Founder's Friday Episode 02 - Shwetha Pai
Updated: Sep 16
“At the end of the day, we are really all the same. We’re all entrepreneurs. We have far more in common than we realize.”
This realization comes from a journey of self-discovery and ambition, and a bit of luck. The story of a tenacious young professional torn between her two greatest passions in life.
Shwetha Pai founded OrgAnalytix after the beginning of one of the most profoundly rewarding, albeit challenging, experiences many of us are fortunate enough to have: parenthood. Becoming a parent while working a demanding job in investment banking caused Shwetha to take an honest look at her life. With time and cognitive resources both limited, she quickly realized the situation she was in. She simply could not devote her full effort and ability into her career while acting as the primary caregiver for her children.
Something had to give.
Shwetha chose to be a parent, and what she found in the process were the striking similarities between raising a child and building a company from the ground up. “I had tried consulting as a parent for a few years. It was great, but it couldn’t grow. It wasn’t scalable, and I felt that was something I was looking for.”
As Shwetha continued her journey of self-discovery, she realized that diversity and inclusion were the chief values held close to her heart. She had an analytical background in investment banking, but this challenge would be one step greater: to quantify an inherently qualitative subject. As her efforts wore on, OrgAnalytix grew to solve some of the largest diversity problems that major companies face today by doing just that.
So what are the issues of diversity in today’s workface? Here is a fact to help you understand: the attrition rate for minority women is three times higher than it is for white men. This is a major issue for large companies, especially those who place an emphasis on recruiting diverse candidates out of undergraduate programs. The greatest benefit of a corporate culture which champions diversity and inclusion is at the highest level, or the decision-making level. But when only a fraction of diverse employees makes it to upper management, then what real progress has been made?
This is the exact pain point OrganAnalytix set out to address, one which is more relevant today than ever before. In the wake of the Black Lives Matter and Me Too movements, nearly every company has a newfound social responsibility to check their blind spots and biases, striving towards holistic change that isn’t just surface-level diversity programs. In tandem with the solutions her software provides, Shwetha looks for outside arenas that fuel personal growth, such as mentorship and volunteering, and helps prepare mid-level employees to make the transition to more senior roles.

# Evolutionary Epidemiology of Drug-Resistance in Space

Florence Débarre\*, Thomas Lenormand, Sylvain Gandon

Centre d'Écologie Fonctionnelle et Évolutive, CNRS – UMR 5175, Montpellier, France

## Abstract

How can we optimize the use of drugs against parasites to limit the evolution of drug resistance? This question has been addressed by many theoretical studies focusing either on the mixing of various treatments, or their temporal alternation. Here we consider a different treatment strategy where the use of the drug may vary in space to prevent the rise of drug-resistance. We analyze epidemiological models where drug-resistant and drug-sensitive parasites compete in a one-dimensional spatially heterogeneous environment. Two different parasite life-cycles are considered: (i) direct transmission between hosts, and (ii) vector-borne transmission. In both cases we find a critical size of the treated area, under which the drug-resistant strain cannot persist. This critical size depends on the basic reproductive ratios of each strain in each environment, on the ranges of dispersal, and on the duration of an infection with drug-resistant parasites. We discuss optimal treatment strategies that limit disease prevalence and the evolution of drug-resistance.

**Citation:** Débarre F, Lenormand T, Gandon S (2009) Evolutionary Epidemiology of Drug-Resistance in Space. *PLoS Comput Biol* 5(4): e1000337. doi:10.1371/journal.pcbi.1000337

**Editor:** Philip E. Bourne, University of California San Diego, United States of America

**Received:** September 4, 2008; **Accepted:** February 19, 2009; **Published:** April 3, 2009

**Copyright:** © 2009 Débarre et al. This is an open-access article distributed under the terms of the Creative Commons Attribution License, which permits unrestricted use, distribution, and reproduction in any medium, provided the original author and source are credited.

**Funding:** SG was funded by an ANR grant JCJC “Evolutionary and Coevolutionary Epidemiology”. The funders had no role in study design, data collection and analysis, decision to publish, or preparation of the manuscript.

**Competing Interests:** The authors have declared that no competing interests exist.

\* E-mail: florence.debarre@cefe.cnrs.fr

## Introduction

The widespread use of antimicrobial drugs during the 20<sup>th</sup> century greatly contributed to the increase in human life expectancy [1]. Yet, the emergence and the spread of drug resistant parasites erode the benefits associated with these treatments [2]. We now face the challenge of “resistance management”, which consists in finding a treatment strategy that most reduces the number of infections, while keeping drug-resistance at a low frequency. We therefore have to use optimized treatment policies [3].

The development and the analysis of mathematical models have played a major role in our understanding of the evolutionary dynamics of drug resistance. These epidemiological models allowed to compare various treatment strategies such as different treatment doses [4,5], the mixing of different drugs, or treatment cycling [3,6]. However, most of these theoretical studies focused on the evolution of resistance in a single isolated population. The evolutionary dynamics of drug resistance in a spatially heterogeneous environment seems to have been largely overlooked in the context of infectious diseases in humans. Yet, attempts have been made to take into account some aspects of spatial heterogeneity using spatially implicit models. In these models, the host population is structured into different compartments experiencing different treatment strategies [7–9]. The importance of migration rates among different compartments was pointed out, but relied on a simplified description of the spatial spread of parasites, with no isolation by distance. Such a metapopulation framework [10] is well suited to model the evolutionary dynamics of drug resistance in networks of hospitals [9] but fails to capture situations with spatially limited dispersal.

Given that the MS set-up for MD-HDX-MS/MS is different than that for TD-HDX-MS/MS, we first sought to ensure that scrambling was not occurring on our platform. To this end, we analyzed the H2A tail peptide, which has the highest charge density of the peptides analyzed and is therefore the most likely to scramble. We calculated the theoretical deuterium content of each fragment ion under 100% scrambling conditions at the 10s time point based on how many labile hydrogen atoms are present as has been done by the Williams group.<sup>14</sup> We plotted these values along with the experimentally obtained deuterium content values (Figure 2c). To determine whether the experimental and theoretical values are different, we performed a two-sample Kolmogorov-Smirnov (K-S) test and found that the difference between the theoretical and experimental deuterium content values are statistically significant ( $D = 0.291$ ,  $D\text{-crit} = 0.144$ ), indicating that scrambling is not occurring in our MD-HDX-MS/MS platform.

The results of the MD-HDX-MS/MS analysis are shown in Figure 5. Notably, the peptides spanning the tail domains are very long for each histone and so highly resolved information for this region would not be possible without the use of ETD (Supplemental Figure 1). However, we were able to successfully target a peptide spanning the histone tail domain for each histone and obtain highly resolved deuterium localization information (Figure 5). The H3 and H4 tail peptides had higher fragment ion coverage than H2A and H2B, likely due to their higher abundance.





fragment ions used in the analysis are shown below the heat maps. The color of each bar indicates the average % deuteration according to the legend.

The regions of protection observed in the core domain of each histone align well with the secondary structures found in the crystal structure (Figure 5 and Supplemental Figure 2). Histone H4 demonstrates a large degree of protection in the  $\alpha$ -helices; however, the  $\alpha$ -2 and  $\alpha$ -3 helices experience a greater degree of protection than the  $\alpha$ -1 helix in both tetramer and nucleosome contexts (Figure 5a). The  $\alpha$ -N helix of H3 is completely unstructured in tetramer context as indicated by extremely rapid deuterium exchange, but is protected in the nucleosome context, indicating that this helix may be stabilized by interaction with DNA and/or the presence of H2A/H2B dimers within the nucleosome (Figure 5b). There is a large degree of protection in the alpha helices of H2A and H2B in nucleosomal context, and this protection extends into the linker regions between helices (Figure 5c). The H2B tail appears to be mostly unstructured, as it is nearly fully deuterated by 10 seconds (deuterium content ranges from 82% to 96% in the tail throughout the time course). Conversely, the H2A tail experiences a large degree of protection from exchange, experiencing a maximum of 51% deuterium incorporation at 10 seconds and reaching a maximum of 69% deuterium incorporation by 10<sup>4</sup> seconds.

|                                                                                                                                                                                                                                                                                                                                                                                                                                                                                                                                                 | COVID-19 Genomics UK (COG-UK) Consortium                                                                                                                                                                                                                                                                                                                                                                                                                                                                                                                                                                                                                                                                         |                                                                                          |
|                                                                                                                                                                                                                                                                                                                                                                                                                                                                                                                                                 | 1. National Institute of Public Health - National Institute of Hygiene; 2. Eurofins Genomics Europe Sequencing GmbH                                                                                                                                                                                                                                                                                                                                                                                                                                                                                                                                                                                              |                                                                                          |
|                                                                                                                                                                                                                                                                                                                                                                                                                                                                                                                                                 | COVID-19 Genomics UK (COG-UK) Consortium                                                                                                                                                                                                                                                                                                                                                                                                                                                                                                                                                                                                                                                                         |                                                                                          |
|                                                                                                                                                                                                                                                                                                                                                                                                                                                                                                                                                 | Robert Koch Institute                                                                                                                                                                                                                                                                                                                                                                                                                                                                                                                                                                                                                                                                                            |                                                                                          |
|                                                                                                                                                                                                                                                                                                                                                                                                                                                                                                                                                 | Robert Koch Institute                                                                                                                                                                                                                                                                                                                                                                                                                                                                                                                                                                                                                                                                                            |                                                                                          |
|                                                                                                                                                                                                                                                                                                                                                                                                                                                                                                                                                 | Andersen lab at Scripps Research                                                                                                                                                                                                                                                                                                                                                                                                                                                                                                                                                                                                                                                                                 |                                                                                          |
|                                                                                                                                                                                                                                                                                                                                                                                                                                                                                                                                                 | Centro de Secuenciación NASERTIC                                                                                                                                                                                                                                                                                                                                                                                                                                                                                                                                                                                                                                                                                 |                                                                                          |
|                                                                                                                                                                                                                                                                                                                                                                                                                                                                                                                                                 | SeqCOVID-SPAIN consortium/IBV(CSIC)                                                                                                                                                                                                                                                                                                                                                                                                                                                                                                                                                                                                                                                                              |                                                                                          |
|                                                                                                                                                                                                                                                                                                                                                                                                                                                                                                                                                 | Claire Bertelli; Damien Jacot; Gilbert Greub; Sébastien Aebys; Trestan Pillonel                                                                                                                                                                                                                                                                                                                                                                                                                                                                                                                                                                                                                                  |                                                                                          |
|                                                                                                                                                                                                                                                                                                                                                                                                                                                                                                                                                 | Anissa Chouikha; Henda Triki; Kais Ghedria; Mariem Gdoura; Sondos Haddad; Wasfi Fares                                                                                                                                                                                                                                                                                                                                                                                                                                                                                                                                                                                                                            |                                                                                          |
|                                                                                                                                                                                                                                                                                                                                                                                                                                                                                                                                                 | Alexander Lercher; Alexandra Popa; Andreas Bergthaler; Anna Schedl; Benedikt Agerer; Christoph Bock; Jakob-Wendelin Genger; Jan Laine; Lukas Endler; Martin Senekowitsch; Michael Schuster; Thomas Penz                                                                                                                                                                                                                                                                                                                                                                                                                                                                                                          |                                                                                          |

I asked Shwetha if she thought leaders are made or born. She noted that there are certain qualities that come more naturally to some than others. Perhaps the most important of these traits are tenacity, curiosity, and the utmost confidence in oneself to get the job done. However, this was not without an important caveat: these skills mean next to nothing unless they are channeled productively. Having the right blend of inspiration, mentors, and experiences is necessary to mold this raw talent into true mastery of one’s craft.
On the subject of entrepreneurial spirit, Shwetha noted the most important differences between her career in corporate America and entrepreneurship. To her, trust is an essential factor in the growth and ultimate success of a startup. Large companies are designed to field the errors of entry-level employees: “When someone drops the ball, there is a safety net in place to catch it.” In a start-up environment, no such safety net exists. In describing her relationship with her Chief Technical Officer, she praises his ability to take her vision and make it a tangible reality. “I have no idea how he does it, I just trust that he’ll get it done. And he does.”
I asked her how she was able to develop such a relationship with her CTO. “I got really lucky”, she noted, “He’s the kind of guy who is incredibly technical but still very interpersonal. I know that if I can convey the idea to him, he’ll be able to develop something great. In a company this small and fast-paced, there is no time to babysit anyone, so I’m relieved that I can count on him.”
Looking back on my conversation with Shwetha, I’m impressed by her vision and democratic leadership style. She has built a team that whole-heartedly believes in their company’s vision and sets goal with the confidence that her team will meet and exceed them.
As the corporate world awakens to the need for diversity and inclusion, I think her company is uniquely poised to prosper.
The Astral Consulting Group approaches every business case with a clean slate, and applies our unique framework to build a workflow to suit each client's individual needs. Our founding partners come from engineering backgrounds, and understand the importance of reasoning from the ground up. As such, we combine this "first-principles" style of thinking with a holistic growth mindset to evaluate each case from both the top-down and bottom-up. This creates a comprehensive process unique to each solution we develop, and gives our clients insight into both the granular details of their business and the high-level strategy and vision to propel them forward.